Is it dangerous to try to smoke a 26lb. turkey??

Discussion in 'Poultry' started by gmintimidator03, Nov 23, 2009.

  1. ronp

    ronp Smoking Guru OTBS Member SMF Premier Member

    Not to the extent of spatchcoking. Compare apples with apples, not appels and oranges.
     
  2. raceyb

    raceyb Smoking Fanatic

    It doesn't matter. Spatchcocking doesn't cause poultry to dry out. Over cooking does. I'm not sure where you are getting your apples and oranges, but this is the thrird thread that you have come behind me and and attempted to detract from my opinion or advice. What's up?
     
  3. meateater

    meateater Smoking Guru SMF Premier Member

    ? what is the math on safe temp on poultry from the fridge? I have a 20 # bird and dont want any problems.
     
  4. raceyb

    raceyb Smoking Fanatic

    I'm sure someone that advocates smoking a bird that big will be happy to give you advice.
     
  5. alx

    alx Master of the Pit OTBS Member

    WTF.....Open forum...
     
  6. pignit

    pignit Master of the Pit OTBS Member SMF Premier Member

    Salmonella is the name of a group of bacteria. Salmonella occurs in raw poultry, eggs, beef, and sometimes on unwashed fruit and vegetables. Salmonella comes from feces. It isn't in the whole muscle of any animal unless introduced. Salmonella on the surface of a pig that has been injected and the internal muscle meat is compromised... will make you just as sick as salmonella that comes from the intestinal track of a turkey. There is a more likely chance that a turkey may be harboring the salmonella bacteria, but if handled properly.... would be no more of a cause of salmonella than a properly handled piece of pork.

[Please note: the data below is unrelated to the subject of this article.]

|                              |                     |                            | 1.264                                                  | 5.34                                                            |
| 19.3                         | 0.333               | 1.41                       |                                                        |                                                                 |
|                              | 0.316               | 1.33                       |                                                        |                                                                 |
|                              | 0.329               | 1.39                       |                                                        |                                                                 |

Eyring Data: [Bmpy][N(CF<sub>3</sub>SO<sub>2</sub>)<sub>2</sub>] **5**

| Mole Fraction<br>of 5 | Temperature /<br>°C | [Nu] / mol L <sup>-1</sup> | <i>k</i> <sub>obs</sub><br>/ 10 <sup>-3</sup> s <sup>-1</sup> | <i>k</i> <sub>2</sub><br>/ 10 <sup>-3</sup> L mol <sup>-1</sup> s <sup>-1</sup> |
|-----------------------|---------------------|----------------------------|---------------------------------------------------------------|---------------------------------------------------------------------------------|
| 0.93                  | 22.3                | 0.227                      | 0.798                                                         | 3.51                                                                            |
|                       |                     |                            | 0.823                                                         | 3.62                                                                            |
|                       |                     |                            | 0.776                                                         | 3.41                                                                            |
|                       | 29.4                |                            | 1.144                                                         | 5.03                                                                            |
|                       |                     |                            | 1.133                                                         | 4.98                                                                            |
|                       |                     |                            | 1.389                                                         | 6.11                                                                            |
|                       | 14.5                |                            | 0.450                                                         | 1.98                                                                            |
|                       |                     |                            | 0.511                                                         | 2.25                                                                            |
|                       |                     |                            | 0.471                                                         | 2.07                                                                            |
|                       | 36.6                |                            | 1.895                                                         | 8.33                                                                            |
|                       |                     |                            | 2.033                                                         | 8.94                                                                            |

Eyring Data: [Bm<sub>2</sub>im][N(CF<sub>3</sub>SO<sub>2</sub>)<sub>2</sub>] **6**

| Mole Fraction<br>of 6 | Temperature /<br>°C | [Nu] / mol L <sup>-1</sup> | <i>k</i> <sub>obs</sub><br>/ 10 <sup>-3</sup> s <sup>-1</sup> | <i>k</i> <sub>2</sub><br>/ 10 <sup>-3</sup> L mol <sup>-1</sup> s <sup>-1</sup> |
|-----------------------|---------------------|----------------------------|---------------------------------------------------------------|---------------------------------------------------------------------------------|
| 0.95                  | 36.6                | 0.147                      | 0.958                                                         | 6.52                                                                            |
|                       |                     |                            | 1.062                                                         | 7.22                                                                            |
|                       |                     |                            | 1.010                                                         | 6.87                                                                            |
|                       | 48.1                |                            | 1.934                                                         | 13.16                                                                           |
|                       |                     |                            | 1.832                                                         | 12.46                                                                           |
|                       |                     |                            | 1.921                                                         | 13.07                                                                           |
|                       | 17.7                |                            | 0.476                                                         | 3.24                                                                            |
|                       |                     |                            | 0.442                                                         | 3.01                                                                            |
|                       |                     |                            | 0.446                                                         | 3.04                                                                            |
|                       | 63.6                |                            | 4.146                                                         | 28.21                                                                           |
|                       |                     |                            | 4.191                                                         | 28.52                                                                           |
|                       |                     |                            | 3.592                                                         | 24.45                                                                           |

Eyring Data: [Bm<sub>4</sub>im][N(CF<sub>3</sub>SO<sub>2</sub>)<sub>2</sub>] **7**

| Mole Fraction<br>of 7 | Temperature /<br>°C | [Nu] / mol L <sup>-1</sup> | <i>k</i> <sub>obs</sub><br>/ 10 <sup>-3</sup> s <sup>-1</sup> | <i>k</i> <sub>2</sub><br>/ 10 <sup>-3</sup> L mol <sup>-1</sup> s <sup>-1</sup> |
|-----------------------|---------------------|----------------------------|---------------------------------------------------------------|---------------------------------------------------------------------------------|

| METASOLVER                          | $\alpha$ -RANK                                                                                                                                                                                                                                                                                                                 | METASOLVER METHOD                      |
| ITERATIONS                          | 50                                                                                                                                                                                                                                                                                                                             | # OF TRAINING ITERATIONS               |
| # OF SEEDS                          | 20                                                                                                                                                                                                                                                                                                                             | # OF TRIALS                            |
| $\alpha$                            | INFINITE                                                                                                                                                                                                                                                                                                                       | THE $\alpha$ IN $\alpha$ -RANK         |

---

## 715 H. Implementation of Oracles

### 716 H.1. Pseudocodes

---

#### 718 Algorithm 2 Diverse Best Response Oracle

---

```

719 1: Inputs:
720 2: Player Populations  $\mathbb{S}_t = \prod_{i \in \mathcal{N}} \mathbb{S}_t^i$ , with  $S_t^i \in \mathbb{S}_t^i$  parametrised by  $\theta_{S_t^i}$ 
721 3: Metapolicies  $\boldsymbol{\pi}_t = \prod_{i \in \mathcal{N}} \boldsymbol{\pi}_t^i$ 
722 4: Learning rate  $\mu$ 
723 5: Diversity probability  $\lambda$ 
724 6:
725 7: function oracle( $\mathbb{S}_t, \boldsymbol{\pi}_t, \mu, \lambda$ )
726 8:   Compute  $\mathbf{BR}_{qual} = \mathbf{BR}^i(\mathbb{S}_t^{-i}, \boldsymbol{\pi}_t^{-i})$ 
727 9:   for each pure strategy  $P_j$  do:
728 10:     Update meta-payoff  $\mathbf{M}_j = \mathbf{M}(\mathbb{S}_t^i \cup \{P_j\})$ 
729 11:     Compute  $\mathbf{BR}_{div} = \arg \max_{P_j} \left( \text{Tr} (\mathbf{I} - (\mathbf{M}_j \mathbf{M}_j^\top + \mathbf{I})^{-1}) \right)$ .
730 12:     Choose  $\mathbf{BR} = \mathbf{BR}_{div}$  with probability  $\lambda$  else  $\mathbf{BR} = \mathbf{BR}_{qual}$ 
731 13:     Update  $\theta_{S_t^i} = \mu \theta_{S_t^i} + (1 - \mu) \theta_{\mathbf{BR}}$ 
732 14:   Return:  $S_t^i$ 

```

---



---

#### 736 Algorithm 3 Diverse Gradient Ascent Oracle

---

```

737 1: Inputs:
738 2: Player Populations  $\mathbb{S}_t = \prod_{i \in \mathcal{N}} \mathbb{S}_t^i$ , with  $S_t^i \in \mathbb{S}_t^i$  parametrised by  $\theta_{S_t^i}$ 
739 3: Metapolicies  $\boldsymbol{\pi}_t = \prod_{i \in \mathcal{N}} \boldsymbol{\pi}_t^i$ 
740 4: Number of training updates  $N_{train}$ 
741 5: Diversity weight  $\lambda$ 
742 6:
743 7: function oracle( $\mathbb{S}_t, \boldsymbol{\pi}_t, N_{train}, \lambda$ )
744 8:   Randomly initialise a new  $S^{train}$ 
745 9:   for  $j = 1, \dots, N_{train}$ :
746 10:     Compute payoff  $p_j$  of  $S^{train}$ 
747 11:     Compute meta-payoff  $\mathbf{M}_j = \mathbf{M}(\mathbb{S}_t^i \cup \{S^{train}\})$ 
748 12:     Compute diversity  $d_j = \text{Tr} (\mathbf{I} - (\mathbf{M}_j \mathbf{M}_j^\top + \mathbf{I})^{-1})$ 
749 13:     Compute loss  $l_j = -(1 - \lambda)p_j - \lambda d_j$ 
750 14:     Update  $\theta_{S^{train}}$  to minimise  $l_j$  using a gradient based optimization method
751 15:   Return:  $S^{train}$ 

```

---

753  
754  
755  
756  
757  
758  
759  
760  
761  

I understand, but what does this have to do with smoking a large turkey?

    I still don't see where the threat of Salmonella is an answer to why you can't smoke a large turkey safely.
     
  7. meateater

    meateater Smoking Guru SMF Premier Member

    Thanks Ron! Thats what I was looking for. :) I want to keep big bird whole! [​IMG]
     
  8. raceyb

    raceyb Smoking Fanatic

    You can if you can keep the temperature up and get the bird out of the zone fast enough. It's simple really, the forum rules advise against giving advice that could get newbies into trouble.

    Advocating that smoking a 26 lb bird OK is going to get newbies into trouble. If not, why would Jeff recommend a Turkey up to 12 lbs and that's it? Because he doesn't want to be liable for anyone getting sick.

    We had this discussion with cooked bird and everyone was all onboard with safety and handling. It seems in this thread, caution is being tossed into the wind.
     
  9. pignit

    pignit Master of the Pit OTBS Member SMF Premier Member

    Ok.... you just went full circle on me. That's my question and if you don't have an answer that's cool. Maybe someone else that reads the thread will be able to answer it for me. Your statement works for any piece of meat your gonna smoke. I'm asking...... is there some difference in the density... etc.... that makes getting turkey meat into the safety zone harder or longer than getting beef or pork to the safety zone?